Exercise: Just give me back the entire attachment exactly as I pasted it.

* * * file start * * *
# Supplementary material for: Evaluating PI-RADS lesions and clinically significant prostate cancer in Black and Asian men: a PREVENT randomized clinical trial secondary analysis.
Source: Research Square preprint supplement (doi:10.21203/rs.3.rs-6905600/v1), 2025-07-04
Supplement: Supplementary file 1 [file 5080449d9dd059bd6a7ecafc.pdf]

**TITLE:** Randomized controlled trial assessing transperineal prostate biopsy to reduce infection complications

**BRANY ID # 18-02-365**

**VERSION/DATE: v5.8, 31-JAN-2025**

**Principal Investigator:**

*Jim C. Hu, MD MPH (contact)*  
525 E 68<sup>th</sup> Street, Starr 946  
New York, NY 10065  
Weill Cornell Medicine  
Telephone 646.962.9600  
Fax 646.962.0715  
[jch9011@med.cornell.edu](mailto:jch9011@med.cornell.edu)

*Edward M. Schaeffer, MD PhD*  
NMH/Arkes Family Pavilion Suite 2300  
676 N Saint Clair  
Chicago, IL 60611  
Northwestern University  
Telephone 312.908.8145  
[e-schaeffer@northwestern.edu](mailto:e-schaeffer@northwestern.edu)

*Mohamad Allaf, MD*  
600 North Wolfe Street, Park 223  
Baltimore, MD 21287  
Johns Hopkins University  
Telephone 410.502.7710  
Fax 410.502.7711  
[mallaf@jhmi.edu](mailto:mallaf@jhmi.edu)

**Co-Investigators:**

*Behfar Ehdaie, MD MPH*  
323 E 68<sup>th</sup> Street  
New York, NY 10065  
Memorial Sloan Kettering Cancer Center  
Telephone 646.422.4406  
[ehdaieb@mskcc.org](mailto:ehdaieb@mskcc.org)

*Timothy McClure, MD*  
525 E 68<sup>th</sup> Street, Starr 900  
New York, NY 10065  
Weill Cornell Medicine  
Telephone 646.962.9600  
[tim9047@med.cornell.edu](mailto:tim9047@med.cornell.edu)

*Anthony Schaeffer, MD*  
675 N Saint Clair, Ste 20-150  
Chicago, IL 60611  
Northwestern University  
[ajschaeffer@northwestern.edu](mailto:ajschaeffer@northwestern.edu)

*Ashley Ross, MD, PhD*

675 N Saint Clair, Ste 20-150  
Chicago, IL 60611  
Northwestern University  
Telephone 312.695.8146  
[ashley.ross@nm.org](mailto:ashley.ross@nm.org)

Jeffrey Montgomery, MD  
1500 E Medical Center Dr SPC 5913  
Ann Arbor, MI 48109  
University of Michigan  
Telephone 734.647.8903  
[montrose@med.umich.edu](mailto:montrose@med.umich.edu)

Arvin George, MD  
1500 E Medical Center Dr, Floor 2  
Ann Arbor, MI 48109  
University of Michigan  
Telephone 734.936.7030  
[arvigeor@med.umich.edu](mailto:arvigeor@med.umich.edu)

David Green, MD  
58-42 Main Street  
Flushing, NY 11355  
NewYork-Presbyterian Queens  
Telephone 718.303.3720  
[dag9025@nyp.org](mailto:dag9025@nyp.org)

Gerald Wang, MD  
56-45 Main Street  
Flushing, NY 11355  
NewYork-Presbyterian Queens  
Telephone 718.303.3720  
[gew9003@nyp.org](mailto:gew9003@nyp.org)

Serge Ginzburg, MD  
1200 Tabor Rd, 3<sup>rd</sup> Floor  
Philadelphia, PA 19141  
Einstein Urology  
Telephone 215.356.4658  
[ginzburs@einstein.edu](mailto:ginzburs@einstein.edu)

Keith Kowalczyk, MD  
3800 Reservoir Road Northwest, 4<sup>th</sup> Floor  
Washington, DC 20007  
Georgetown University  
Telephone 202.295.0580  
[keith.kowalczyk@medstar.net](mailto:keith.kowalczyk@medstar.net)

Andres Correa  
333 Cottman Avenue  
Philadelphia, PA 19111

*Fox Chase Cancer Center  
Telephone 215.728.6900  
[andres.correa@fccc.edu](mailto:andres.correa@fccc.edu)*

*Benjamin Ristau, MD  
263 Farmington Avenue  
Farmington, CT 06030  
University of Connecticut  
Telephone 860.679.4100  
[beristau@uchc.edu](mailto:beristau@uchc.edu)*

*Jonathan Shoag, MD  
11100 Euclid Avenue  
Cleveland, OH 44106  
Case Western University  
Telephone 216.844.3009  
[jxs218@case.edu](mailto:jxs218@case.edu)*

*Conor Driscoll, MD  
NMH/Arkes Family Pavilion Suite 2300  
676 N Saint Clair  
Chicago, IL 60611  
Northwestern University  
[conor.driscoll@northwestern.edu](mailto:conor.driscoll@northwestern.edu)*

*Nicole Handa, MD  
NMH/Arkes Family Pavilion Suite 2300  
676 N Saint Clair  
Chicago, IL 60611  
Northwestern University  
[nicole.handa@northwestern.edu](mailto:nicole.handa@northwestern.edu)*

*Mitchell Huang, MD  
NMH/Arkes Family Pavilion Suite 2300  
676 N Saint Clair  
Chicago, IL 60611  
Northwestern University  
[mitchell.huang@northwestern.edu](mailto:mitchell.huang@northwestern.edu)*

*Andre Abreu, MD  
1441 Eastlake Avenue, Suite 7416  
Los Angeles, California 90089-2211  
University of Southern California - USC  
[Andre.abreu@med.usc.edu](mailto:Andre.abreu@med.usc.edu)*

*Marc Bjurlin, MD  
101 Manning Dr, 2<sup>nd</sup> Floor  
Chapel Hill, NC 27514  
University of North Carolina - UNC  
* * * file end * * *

# Supplementary material for: Evaluating PI-RADS lesions and clinically significant prostate cancer in Black and Asian men: a PREVENT randomized clinical trial secondary analysis.
Source: Research Square preprint supplement (doi:10.21203/rs.3.rs-6905600/v1), 2025-07-04
Supplement: Supplementary file 1 [file 5080449d9dd059bd6a7ecafc.pdf]

**TITLE:** Randomized controlled trial assessing transperineal prostate biopsy to reduce infection complications

**BRANY ID # 18-02-365**

**VERSION/DATE: v5.8, 31-JAN-2025**

**Principal Investigator:**

*Jim C. Hu, MD MPH (contact)*  
525 E 68<sup>th</sup> Street, Starr 946  
New York, NY 10065  
Weill Cornell Medicine  
Telephone 646.962.9600  
Fax 646.962.0715  
[jch9011@med.cornell.edu](mailto:jch9011@med.cornell.edu)

*Edward M. Schaeffer, MD PhD*  
NMH/Arkes Family Pavilion Suite 2300  
676 N Saint Clair  
Chicago, IL 60611  
Northwestern University  
Telephone 312.908.8145  
[e-schaeffer@northwestern.edu](mailto:e-schaeffer@northwestern.edu)

*Mohamad Allaf, MD*  
600 North Wolfe Street, Park 223  
Baltimore, MD 21287  
Johns Hopkins University  
Telephone 410.502.7710  
Fax 410.502.7711  
[mallaf@jhmi.edu](mailto:mallaf@jhmi.edu)

**Co-Investigators:**

*Behfar Ehdaie, MD MPH*  
323 E 68<sup>th</sup> Street  
New York, NY 10065  
Memorial Sloan Kettering Cancer Center  
Telephone 646.422.4406  
[ehdaieb@mskcc.org](mailto:ehdaieb@mskcc.org)

*Timothy McClure, MD*  
525 E 68<sup>th</sup> Street, Starr 900  
New York, NY 10065  
Weill Cornell Medicine  
Telephone 646.962.9600  
[tim9047@med.cornell.edu](mailto:tim9047@med.cornell.edu)

*Anthony Schaeffer, MD*  
675 N Saint Clair, Ste 20-150  
Chicago, IL 60611  
Northwestern University  
[ajschaeffer@northwestern.edu](mailto:ajschaeffer@northwestern.edu)

*Ashley Ross, MD, PhD*

675 N Saint Clair, Ste 20-150  
Chicago, IL 60611  
Northwestern University  
Telephone 312.695.8146  
[ashley.ross@nm.org](mailto:ashley.ross@nm.org)

Jeffrey Montgomery, MD  
1500 E Medical Center Dr SPC 5913  
Ann Arbor, MI 48109  
University of Michigan  
Telephone 734.647.8903  
[montrose@med.umich.edu](mailto:montrose@med.umich.edu)

Arvin George, MD  
1500 E Medical Center Dr, Floor 2  
Ann Arbor, MI 48109  
University of Michigan  
Telephone 734.936.7030  
[arvigeor@med.umich.edu](mailto:arvigeor@med.umich.edu)

David Green, MD  
58-42 Main Street  
Flushing, NY 11355  
NewYork-Presbyterian Queens  
Telephone 718.303.3720  
[dag9025@nyp.org](mailto:dag9025@nyp.org)

Gerald Wang, MD  
56-45 Main Street  
Flushing, NY 11355  
NewYork-Presbyterian Queens  
Telephone 718.303.3720  
[gew9003@nyp.org](mailto:gew9003@nyp.org)

Serge Ginzburg, MD  
1200 Tabor Rd, 3<sup>rd</sup> Floor  
Philadelphia, PA 19141  
Einstein Urology  
Telephone 215.356.4658  
[ginzburs@einstein.edu](mailto:ginzburs@einstein.edu)

Keith Kowalczyk, MD  
3800 Reservoir Road Northwest, 4<sup>th</sup> Floor  
Washington, DC 20007  
Georgetown University  
Telephone 202.295.0580  
[keith.kowalczyk@medstar.net](mailto:keith.kowalczyk@medstar.net)

Andres Correa  
333 Cottman Avenue  
Philadelphia, PA 19111

*Fox Chase Cancer Center  
Telephone 215.728.6900  
[andres.correa@fccc.edu](mailto:andres.correa@fccc.edu)*

*Benjamin Ristau, MD  
263 Farmington Avenue  
Farmington, CT 06030  
University of Connecticut  
Telephone 860.679.4100  
[beristau@uchc.edu](mailto:beristau@uchc.edu)*

*Jonathan Shoag, MD  
11100 Euclid Avenue  
Cleveland, OH 44106  
Case Western University  
Telephone 216.844.3009  
[jxs218@case.edu](mailto:jxs218@case.edu)*

*Conor Driscoll, MD  
NMH/Arkes Family Pavilion Suite 2300  
676 N Saint Clair  
Chicago, IL 60611  
Northwestern University  
[conor.driscoll@northwestern.edu](mailto:conor.driscoll@northwestern.edu)*

*Nicole Handa, MD  
NMH/Arkes Family Pavilion Suite 2300  
676 N Saint Clair  
Chicago, IL 60611  
Northwestern University  
[nicole.handa@northwestern.edu](mailto:nicole.handa@northwestern.edu)*

*Mitchell Huang, MD  
NMH/Arkes Family Pavilion Suite 2300  
676 N Saint Clair  
Chicago, IL 60611  
Northwestern University  
[mitchell.huang@northwestern.edu](mailto:mitchell.huang@northwestern.edu)*

*Andre Abreu, MD  
1441 Eastlake Avenue, Suite 7416  
Los Angeles, California 90089-2211  
University of Southern California - USC  
[Andre.abreu@med.usc.edu](mailto:Andre.abreu@med.usc.edu)*

*Marc Bjurlin, MD  
101 Manning Dr, 2<sup>nd</sup> Floor  
Chapel Hill, NC 27514  
University of North Carolina - UNC  